Hip Hop Incorporated

On the cusp of the historically worst election in history, the Clinton campaign held a rally in Cleveland highlighted by some of the biggest names in the game today. Beyoncé, J. Cole, Jay Z, Big Sean, and Chance the Rapper. This kind of hip hop-politics crossover is increasingly common, but it appears, ultimately useless.

The event, while not unprecedented — even though much of this election was — predictably drew nods from a frothing media desperate for a headline. But the question I’m left with, is… what the hell are they doing up there?

The first hip hop song I ever loved was “Show Me Something” by J. Cole, one of last night’s performers. The Warm Up, J. Cole’s second mixtape and arguably one of his best projects, released in 2009 about six months after Barry O took the reins.

By then, the transformation was well under way. Jay Z was stumping for Obama in November, days before his first presidential victory in 2008. He would go on to sign J. Cole as the first non-Jay Z-still-J-lettered artist to the Roc Nation label, a stable that has grown to include Big Sean, Demi Lovato, Kanye West, and many more. In many ways, J. Cole is a cog of the music-politics alliance.

Since then, much has changed for our hero, namely that he made it up onto a stage next to Jay Z and Hilldawg. And, that she’s up on the stage with either of them.

Even more has changed in how we perceive our politicians. I don’t mean in the throwing tomatoes, “hey, look at this piece of shit” way. Rappers didn’t get up on stage and stump for their favorite candidate. Non-politicians didn’t get elected to office, and even former actors becoming presidents developed resumes worthy of the office on the way.

If anything, artists stumping had a recent history of disaster, though not from the rap world: Clint Eastwood talked to a goddamn chair on national TV for so long it made a group of despicable folks — don’t worry, it took them four years to peak — looking for the door.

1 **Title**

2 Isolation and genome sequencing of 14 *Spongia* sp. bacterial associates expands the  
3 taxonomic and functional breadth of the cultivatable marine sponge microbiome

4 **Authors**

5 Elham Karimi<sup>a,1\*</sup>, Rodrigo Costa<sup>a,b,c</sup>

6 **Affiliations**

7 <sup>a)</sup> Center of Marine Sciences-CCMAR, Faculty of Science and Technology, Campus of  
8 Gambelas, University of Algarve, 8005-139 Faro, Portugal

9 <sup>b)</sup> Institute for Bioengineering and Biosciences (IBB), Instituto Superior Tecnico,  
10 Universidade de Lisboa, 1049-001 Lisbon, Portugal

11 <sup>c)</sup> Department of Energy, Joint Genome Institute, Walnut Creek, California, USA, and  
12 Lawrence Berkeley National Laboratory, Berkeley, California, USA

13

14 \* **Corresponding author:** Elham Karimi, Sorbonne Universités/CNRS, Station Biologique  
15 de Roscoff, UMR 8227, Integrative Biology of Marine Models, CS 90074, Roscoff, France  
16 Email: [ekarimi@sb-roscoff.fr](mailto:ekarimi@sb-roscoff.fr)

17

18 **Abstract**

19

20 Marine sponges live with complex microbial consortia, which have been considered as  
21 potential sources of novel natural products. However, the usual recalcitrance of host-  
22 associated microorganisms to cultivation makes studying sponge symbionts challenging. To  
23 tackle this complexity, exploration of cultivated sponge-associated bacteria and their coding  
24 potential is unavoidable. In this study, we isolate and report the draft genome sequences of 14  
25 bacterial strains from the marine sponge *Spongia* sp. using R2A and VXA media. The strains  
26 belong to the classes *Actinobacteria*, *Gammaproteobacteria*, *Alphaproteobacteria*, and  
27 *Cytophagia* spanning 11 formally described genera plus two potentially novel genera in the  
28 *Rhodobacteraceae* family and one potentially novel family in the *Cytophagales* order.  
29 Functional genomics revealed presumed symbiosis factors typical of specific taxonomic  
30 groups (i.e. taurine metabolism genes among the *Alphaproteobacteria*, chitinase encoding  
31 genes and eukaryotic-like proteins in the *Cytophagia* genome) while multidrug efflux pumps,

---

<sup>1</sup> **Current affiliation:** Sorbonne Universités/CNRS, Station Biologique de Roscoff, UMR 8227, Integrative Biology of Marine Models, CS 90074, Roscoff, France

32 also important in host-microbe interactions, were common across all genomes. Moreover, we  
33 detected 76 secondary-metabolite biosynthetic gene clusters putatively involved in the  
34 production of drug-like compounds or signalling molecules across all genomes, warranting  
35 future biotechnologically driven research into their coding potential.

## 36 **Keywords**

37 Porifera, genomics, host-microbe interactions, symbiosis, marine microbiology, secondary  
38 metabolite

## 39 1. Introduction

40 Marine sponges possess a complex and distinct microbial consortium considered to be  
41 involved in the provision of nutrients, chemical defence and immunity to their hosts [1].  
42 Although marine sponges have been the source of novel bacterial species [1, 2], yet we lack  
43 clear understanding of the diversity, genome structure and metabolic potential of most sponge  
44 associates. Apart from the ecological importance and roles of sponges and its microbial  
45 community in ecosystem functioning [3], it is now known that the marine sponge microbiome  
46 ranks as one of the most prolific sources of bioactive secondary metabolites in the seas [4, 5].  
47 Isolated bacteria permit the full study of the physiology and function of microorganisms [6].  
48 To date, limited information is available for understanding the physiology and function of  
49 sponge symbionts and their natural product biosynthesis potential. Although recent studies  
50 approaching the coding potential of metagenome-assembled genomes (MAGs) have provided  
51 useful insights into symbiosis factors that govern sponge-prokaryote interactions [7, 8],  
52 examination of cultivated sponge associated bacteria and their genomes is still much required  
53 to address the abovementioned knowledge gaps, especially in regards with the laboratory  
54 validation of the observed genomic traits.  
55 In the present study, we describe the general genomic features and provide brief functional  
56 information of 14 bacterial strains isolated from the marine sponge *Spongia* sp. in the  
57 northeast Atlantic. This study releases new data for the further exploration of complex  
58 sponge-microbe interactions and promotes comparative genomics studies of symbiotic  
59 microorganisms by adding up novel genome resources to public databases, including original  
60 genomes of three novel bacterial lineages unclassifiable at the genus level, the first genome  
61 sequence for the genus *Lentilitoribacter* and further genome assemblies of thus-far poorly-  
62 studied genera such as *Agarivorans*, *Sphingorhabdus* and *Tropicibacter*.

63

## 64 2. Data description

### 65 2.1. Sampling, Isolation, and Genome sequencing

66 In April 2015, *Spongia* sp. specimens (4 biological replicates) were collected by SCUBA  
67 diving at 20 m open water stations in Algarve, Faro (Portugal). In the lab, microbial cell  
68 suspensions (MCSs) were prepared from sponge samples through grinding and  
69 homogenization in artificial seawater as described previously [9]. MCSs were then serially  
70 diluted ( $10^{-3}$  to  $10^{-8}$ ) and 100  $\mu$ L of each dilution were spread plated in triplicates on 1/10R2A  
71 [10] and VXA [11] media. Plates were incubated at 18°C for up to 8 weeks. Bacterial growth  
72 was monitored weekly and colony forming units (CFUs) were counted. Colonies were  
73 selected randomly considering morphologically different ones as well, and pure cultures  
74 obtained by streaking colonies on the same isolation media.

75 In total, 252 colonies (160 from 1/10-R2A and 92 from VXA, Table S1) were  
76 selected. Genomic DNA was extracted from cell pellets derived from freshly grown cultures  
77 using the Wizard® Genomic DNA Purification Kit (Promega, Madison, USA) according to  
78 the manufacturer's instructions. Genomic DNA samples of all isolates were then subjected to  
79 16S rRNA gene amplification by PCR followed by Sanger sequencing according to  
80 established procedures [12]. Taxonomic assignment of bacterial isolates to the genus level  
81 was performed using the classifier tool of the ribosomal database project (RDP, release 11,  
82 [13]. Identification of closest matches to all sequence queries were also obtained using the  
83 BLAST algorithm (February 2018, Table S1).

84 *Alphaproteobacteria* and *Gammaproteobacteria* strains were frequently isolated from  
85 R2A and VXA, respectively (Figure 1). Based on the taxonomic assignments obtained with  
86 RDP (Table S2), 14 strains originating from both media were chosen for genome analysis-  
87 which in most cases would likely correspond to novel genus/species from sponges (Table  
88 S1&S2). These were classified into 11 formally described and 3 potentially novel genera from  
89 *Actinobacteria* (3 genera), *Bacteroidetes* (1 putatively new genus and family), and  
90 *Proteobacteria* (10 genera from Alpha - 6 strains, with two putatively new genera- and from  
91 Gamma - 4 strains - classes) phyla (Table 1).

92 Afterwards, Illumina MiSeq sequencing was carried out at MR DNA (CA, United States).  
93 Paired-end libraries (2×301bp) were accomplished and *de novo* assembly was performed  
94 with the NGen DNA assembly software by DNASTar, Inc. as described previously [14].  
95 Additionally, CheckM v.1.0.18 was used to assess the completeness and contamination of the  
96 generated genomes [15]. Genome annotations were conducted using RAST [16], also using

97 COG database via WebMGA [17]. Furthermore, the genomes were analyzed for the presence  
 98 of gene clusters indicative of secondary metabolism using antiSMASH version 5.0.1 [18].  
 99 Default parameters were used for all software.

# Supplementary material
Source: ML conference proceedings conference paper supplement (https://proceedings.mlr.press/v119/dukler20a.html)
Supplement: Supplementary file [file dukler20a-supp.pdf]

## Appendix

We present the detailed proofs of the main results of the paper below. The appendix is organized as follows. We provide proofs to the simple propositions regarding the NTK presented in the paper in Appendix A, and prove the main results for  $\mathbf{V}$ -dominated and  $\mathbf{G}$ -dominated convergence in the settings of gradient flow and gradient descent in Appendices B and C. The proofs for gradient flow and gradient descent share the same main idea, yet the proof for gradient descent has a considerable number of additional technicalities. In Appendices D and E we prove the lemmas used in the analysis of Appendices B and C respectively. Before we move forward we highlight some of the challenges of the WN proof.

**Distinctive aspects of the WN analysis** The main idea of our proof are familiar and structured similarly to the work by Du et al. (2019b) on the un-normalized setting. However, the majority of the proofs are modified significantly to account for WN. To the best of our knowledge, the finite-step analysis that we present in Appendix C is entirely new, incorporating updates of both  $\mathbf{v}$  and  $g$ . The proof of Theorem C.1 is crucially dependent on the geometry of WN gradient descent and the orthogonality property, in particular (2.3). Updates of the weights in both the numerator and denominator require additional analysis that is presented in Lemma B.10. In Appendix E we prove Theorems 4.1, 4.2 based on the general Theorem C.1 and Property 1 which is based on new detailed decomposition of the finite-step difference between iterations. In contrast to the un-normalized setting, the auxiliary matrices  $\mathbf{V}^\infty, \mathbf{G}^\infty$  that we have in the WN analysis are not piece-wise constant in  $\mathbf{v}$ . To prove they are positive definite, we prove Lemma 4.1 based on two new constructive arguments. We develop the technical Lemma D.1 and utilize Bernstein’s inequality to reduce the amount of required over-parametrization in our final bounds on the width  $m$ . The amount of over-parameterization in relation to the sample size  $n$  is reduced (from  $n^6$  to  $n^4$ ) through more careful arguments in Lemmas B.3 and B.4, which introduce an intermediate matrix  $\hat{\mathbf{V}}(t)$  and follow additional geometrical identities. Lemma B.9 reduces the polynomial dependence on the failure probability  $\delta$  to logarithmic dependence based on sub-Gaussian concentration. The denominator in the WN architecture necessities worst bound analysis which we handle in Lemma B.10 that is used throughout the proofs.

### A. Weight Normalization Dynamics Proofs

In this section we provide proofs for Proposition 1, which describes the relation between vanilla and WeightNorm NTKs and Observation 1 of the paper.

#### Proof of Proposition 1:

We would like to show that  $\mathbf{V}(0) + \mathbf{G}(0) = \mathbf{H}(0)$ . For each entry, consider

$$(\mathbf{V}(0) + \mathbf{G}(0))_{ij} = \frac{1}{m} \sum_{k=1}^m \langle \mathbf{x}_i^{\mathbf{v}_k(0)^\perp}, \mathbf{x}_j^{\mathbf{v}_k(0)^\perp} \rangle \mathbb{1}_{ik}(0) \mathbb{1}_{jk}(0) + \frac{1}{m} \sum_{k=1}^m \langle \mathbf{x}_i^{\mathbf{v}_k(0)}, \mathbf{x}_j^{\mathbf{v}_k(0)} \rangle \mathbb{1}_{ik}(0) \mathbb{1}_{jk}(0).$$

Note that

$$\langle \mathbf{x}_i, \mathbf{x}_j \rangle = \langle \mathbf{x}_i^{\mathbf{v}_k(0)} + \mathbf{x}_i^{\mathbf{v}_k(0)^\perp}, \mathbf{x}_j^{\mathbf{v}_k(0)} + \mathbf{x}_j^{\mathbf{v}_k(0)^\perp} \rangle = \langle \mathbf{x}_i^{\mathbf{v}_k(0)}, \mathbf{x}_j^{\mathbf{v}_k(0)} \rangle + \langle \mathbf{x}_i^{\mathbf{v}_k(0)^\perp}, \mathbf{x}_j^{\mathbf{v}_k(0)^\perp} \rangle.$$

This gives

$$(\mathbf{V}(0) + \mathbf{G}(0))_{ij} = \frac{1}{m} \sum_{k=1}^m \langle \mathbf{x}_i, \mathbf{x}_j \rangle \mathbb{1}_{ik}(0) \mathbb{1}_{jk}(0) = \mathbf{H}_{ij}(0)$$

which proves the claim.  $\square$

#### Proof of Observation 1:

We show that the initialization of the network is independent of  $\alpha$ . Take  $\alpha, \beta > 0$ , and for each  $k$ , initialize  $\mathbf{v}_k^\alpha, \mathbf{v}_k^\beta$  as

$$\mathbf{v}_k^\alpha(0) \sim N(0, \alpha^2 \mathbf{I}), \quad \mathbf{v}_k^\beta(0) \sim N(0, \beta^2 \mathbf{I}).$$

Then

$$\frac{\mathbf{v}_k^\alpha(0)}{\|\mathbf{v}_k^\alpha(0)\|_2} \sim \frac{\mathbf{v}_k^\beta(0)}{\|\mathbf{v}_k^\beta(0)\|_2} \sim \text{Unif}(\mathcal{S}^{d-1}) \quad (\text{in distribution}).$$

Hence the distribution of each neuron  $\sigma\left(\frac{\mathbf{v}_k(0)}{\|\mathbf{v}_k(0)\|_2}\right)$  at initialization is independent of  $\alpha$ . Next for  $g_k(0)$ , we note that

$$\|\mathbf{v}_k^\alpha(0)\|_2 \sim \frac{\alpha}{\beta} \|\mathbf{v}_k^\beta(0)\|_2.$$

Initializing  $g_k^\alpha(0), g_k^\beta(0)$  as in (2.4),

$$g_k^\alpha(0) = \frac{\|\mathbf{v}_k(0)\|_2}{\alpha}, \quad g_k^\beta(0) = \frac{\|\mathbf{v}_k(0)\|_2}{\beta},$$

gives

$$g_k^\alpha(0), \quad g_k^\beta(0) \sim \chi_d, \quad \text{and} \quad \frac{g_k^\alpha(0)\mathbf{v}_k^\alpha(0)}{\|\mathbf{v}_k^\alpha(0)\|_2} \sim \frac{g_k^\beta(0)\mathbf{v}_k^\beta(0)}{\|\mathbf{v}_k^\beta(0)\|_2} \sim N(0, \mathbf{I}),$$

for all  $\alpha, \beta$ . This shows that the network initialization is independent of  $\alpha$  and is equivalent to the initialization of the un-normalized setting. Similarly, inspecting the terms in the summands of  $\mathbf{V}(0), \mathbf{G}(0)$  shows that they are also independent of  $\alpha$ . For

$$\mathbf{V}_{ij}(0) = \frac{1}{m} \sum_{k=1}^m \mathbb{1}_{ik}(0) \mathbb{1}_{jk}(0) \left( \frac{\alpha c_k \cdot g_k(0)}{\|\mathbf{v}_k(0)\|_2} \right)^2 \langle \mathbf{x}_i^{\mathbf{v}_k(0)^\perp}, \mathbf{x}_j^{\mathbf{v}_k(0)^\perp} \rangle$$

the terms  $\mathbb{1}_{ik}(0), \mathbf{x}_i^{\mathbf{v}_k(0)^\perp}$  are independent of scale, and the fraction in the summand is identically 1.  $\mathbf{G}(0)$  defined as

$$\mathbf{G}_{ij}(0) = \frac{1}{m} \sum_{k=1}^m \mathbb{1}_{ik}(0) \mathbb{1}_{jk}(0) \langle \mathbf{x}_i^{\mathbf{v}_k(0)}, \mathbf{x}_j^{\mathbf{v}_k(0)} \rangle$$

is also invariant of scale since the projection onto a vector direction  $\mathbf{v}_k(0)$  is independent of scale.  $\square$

Now, hip hop is unquestionably mainstream, and we have Obama to thank, in large part. Like Nixon starting detente with the Soviet Union, a white politician could not have mustered up support from every level of the black community. And Clinton benefitted from the relationship after the fact, even if she didn’t win.

The success of the genre plays a role too. Gone are Clinton’s days of quietly labeling black youth superpredators, or all of white America shitting on N.W.A for a song called “Fuck Tha Police”. Now, she stands next to the very type of people she once might have spurned.

This titanic team even drew ire from He Who Cannot Be Trumped, proclaiming he doesn’t need their support. And to the awe of about half the country, and delight of the other, he was right. No eleventh hour celebrity support was saving Clinton.

So hip hop is in a weird place. Guys out in Chicago grind their way to the top, mingling their music with their gangs and endangering themselves in the process. Icons like Jay Z and J. Cole walk in the limelight on the other end of the spectrum. It’s hard to tell if their involvement has a political effect, but to the seedy machine, it’s better to be safe than lose an election.

-Matthew Sandler

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